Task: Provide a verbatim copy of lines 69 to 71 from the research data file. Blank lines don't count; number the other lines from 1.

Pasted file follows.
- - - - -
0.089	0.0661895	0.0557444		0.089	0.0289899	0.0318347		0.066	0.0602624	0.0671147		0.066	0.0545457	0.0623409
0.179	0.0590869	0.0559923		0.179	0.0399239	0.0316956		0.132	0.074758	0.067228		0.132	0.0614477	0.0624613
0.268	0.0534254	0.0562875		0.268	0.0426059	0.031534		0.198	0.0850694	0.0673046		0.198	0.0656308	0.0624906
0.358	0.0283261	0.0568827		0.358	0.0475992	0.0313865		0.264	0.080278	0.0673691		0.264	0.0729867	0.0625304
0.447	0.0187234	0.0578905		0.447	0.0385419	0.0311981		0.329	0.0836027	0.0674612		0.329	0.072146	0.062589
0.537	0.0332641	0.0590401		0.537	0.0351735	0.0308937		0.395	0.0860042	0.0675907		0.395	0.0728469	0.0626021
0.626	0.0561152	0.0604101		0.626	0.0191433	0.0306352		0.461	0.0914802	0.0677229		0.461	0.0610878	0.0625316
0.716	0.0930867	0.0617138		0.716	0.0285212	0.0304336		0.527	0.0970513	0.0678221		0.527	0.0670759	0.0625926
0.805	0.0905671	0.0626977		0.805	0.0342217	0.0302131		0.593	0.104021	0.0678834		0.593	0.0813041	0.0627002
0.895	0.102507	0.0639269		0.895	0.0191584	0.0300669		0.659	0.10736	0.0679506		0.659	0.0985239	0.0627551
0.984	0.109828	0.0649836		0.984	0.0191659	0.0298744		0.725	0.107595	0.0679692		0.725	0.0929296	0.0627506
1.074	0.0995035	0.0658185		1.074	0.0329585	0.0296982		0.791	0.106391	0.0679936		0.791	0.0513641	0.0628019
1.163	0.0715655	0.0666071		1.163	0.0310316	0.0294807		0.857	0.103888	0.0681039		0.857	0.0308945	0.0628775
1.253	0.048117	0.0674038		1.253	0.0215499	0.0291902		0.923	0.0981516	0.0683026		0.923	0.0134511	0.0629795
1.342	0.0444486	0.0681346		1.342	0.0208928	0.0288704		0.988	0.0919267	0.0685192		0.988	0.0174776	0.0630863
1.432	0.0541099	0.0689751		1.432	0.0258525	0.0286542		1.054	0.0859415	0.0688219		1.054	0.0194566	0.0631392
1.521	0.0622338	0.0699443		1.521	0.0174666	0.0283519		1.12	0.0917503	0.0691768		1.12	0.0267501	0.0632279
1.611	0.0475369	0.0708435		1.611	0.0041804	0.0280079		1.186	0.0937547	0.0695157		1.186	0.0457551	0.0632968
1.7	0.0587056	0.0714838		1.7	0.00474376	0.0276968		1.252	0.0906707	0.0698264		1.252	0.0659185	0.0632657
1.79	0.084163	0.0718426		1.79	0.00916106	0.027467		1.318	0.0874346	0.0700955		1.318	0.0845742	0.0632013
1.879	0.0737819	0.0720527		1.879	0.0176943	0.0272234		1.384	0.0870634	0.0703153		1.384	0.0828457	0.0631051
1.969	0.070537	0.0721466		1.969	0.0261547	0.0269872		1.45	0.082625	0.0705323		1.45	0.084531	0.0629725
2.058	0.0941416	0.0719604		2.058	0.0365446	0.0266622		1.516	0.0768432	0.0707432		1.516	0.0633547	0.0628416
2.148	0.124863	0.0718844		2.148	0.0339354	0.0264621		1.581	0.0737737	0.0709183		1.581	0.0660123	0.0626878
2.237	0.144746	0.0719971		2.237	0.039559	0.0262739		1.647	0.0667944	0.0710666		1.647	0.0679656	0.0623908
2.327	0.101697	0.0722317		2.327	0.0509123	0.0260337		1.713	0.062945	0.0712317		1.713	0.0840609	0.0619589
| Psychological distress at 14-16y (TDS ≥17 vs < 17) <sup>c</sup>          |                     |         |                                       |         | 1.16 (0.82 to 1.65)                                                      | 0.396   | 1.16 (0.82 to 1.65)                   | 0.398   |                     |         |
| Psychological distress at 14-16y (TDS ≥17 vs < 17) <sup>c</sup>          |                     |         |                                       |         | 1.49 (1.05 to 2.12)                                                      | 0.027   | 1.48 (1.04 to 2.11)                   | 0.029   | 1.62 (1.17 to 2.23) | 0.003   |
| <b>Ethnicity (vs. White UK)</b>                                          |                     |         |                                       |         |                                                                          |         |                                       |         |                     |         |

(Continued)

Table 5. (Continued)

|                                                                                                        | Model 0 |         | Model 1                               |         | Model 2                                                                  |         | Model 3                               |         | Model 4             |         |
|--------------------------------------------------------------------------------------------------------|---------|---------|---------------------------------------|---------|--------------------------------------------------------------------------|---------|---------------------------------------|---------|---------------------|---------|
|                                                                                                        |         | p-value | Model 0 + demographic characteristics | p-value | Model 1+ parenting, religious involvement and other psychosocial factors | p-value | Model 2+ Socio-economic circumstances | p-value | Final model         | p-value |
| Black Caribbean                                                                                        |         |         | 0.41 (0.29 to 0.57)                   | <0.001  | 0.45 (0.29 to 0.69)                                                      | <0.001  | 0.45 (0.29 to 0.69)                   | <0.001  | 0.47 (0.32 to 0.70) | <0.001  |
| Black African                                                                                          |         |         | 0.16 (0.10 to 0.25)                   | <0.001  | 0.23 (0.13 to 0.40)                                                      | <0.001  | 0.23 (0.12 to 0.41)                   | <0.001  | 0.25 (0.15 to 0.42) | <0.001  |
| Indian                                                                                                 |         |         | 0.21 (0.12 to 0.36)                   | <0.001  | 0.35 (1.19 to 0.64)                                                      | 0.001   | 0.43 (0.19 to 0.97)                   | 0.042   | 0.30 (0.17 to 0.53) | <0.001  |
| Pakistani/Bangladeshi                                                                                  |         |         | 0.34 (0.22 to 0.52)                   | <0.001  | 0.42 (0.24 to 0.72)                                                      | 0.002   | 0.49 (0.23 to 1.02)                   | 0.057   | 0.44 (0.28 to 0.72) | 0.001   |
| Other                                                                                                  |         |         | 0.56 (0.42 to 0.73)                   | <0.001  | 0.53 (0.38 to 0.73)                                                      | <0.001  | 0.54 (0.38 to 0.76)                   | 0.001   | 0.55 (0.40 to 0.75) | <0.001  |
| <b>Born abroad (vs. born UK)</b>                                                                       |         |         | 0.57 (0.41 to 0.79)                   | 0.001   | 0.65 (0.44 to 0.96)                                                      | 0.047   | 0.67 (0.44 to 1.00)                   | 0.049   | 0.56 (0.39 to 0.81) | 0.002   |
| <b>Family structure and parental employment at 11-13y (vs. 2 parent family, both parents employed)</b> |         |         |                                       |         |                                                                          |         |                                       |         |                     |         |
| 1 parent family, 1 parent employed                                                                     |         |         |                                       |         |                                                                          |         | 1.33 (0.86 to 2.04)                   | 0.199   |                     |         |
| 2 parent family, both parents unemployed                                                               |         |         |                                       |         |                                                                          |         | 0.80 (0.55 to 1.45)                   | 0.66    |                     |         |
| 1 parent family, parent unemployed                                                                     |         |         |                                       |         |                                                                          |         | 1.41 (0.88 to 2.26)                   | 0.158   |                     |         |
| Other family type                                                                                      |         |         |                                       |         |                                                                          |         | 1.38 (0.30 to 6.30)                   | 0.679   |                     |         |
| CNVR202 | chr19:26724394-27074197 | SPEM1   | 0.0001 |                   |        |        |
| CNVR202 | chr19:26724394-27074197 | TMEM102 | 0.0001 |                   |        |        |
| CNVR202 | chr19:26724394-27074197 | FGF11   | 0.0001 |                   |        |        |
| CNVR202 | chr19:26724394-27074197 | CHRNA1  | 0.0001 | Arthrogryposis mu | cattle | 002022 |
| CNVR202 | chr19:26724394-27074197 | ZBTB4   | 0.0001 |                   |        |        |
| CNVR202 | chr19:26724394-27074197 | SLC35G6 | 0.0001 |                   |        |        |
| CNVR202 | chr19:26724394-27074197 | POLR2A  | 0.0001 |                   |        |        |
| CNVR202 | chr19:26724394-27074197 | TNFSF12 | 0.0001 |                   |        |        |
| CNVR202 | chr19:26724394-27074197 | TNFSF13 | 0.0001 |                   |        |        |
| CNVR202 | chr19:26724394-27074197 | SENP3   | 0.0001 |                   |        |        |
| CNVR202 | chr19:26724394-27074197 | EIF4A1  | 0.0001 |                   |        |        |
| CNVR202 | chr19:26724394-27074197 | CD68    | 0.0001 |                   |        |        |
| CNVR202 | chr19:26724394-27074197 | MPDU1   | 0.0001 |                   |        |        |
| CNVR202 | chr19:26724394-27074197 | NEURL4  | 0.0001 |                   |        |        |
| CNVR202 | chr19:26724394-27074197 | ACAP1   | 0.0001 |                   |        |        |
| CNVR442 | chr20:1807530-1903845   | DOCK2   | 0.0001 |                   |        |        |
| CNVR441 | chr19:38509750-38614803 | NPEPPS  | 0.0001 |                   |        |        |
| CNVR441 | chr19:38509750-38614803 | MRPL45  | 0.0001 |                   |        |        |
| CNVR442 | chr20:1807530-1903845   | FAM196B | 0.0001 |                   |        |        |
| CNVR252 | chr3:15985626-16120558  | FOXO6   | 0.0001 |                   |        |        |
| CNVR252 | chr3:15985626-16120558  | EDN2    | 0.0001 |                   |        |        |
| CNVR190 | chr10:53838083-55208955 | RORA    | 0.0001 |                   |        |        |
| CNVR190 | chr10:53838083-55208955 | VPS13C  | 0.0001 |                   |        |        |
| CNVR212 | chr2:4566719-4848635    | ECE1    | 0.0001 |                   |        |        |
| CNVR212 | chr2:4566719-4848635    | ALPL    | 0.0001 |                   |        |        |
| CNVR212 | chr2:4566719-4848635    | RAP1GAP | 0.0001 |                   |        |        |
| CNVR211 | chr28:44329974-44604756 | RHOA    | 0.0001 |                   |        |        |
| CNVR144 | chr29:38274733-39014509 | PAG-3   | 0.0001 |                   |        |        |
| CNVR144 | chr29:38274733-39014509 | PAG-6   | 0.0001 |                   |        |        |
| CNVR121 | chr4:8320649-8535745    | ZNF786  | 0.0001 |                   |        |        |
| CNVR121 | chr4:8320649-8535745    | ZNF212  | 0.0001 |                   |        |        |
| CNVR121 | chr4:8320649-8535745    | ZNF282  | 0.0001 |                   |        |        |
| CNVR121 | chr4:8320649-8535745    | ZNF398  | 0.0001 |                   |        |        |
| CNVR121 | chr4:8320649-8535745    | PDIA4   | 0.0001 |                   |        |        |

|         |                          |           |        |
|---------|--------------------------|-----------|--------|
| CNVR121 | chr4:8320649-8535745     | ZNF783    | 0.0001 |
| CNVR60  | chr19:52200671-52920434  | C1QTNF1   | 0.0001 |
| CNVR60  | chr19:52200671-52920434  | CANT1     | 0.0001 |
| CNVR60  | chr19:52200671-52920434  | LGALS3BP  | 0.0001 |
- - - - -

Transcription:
| CNVR212 | chr2:4566719-4848635    | ECE1    | 0.0001 |                   |        |        |
| CNVR212 | chr2:4566719-4848635    | ALPL    | 0.0001 |                   |        |        |
| CNVR212 | chr2:4566719-4848635    | RAP1GAP | 0.0001 |                   |        |        |